For all the decades he’s spent skiing—and the thousands of hours he’s poured into his popular avalanche forecasting blog since 2011—it wasn’t until a few years ago that Wayne Flann was caught up in an avalanche himself.
“As soon as it happens, and as soon as you realize what’s going on, it’s one of those, ‘Oh my God’ [moments]. And then you’re not very happy with yourself,” Flann said.
Having already ski cut a few avalanches in the Pemberton backcountry that day in late 2014, Flann was well aware of the risk—but the avalanche took him all the same, breaking his femur but mercifully not burying him.
“You’re trying to be safe, and you’re trying not to get caught, so when you do get caught, you feel like an idiot,” Flann said.
“But at the same time, it happens. It happens to the best of people. A lot of really experienced guides have died in avalanches.”
'I just want to try to keep people safe,' says CAA Service Award winner
You’d be hard-pressed to find someone more knowledgeable about avalanches—or at least as immersed in the data—as Flann.
Since launching his blog in 2011, his mornings have consisted of scouring forecasts and freezing levels, backcountry conditions and surface maps, and news articles and videos on avalanches from around the world, all with an eye to delivering relevant, and useful, information to skiers and boarders in Whistler and the Sea to Sky.
“I just like getting the information out there. I just want to try to keep people safe,” Flann said.
“And it’s kind of fun trying to guesstimate how much it’s going to snow. That, to me, is the most fun, just to see if I can get the numbers right.”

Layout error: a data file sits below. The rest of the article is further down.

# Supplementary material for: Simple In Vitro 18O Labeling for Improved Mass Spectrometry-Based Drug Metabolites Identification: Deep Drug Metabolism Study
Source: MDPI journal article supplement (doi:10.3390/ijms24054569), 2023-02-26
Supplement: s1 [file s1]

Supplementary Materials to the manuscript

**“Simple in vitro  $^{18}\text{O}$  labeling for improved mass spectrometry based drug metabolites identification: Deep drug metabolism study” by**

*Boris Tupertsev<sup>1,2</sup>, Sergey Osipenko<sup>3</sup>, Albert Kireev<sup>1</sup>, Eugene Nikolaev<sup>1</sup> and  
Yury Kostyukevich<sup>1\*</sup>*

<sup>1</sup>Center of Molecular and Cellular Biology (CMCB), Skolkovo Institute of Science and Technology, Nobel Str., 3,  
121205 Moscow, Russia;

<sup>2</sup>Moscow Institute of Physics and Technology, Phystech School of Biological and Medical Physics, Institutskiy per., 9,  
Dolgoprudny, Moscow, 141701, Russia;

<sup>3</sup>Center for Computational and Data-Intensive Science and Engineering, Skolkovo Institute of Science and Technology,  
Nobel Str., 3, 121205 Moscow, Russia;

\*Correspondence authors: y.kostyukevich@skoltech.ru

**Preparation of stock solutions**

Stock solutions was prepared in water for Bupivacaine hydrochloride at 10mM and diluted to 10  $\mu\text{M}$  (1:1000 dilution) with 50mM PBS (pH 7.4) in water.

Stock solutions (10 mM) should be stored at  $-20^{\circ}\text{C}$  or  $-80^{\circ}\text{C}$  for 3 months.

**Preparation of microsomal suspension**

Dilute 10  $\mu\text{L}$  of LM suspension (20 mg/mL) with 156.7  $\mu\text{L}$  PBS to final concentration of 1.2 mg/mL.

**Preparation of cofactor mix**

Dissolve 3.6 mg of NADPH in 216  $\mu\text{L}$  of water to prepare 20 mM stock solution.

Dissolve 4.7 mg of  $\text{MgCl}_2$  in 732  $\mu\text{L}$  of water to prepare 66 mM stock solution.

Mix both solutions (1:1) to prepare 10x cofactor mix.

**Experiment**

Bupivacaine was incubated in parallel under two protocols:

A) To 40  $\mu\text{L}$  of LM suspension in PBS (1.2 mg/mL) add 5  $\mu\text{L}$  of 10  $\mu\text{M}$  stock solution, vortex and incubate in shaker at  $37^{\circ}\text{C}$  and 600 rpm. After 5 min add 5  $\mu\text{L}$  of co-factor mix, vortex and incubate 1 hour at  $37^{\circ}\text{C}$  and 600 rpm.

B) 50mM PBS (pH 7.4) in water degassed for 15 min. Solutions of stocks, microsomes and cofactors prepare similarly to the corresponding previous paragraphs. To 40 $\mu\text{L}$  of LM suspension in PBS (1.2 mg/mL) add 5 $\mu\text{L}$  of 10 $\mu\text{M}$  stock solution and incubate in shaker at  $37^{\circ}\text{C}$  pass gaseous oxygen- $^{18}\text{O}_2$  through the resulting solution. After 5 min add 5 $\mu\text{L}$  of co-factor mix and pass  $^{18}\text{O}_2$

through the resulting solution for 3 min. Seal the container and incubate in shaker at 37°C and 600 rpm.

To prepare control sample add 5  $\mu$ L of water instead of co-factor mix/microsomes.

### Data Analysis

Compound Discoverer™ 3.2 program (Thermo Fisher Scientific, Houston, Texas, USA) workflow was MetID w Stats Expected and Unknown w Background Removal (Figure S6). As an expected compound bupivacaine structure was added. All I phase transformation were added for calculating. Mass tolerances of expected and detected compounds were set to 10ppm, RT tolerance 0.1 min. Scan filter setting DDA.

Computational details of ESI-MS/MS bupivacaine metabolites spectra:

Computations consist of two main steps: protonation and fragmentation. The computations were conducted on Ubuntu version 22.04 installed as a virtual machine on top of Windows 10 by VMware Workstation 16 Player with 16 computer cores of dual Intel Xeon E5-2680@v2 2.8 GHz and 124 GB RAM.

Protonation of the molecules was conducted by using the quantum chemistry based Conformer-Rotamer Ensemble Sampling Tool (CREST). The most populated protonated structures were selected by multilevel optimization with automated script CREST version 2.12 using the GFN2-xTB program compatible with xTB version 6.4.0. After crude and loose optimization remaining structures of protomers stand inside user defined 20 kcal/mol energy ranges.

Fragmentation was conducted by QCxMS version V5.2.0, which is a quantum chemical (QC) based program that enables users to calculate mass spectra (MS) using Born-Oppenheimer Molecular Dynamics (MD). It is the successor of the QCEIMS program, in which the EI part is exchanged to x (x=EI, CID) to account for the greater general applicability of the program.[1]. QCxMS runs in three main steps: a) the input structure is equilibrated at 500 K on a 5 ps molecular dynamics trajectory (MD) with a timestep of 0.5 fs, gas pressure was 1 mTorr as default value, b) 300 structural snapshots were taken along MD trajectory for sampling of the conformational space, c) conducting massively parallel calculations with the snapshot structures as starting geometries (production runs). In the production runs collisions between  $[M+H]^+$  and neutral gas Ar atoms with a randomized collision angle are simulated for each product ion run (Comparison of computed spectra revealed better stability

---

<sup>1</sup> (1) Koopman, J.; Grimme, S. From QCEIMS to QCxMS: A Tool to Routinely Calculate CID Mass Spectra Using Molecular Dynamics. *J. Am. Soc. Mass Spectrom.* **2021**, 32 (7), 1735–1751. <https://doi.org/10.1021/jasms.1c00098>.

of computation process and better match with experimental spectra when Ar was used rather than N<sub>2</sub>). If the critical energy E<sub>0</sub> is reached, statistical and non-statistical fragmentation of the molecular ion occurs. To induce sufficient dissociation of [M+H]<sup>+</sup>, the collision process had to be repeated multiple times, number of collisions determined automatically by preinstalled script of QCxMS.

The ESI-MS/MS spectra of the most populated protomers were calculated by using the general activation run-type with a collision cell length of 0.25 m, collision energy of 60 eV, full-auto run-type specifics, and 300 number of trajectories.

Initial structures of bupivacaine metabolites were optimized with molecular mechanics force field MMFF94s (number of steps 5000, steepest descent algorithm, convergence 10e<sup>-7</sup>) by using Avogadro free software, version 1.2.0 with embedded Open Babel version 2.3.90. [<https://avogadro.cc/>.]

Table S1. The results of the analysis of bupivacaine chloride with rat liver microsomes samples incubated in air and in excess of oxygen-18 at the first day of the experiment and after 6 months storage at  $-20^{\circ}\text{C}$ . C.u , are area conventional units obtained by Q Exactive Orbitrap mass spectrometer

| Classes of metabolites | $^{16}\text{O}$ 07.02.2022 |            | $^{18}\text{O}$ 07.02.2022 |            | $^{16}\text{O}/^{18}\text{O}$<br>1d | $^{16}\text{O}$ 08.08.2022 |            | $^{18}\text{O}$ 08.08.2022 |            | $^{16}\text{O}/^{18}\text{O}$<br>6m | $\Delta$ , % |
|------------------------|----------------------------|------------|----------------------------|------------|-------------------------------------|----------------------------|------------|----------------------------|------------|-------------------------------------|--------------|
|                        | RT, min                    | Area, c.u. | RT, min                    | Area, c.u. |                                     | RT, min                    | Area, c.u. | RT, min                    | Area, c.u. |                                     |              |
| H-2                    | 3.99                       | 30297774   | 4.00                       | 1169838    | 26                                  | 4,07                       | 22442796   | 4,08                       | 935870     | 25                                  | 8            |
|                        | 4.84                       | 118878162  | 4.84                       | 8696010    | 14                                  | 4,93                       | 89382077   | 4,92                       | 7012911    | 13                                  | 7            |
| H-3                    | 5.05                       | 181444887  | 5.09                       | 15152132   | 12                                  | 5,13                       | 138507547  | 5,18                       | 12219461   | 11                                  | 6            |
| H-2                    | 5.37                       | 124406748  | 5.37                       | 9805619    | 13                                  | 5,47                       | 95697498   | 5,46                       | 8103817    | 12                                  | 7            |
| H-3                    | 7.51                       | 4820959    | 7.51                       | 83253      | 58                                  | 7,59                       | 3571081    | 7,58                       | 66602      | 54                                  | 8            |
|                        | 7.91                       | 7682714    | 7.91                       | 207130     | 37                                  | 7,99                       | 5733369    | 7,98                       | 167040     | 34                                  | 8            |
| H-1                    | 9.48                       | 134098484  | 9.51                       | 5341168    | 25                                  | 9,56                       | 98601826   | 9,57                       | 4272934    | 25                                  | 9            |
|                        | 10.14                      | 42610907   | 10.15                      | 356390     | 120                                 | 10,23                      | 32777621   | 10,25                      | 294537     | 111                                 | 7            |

While Flann’s blog is a self-described labour of love, it’s now earned him some industry recognition in the form of the Canadian Avalanche Association’s (CAA) 2020 Service Award.
The award is given out each year to CAA members who have made significant contributions to avalanche safety in Canada.
“It means a lot, because some of the [past recipients] are people I consider mentors, and the people who have taught me in this business,” Flann said.
“So it’s a big honour for sure.”
Flann has been a CAA member for more than 30 years, starting as an avalanche forecaster with Blackcomb Mountain in the ‘80s (and working as a ski instructor on Whistler prior to that).
“I’m addicted to skiing basically. I ski a lot,” he said with a laugh.
“I ski pretty much every day.”
How are avalanche conditions in Whistler shaping up this winter?
As for the challenging conditions seen so far this year, Flann said the persistent weak layer that formed on Dec. 9 continues to be an issue.
“It’s not going away. It really depends on the aspect and elevation of where that crust is, but it seems to be fairly widespread, and active,” he said.
“Whistler Blackcomb is still getting avalanches on that crust from control work, and it’s not really going away.”
At this time of year, and with all the snow seen in recent weeks, “you’d think we’d get a bit of bridging,” he added.
“But in places where it’s shallow, and you hit it in the wrong spot, you can still create a fairly substantial avalanche … so in shallow areas you have to be super careful.
“It doesn’t seem to be going away anytime too soon, so we’re going to have to watch it, and we’re going to have to see what happens in the next couple of weeks as we get more load on top of it.”
Flann’s main tips for skiers and boarders right now are to read the bulletins each morning, ski with people who are experienced and properly equipped, and to be diligent in your route selection.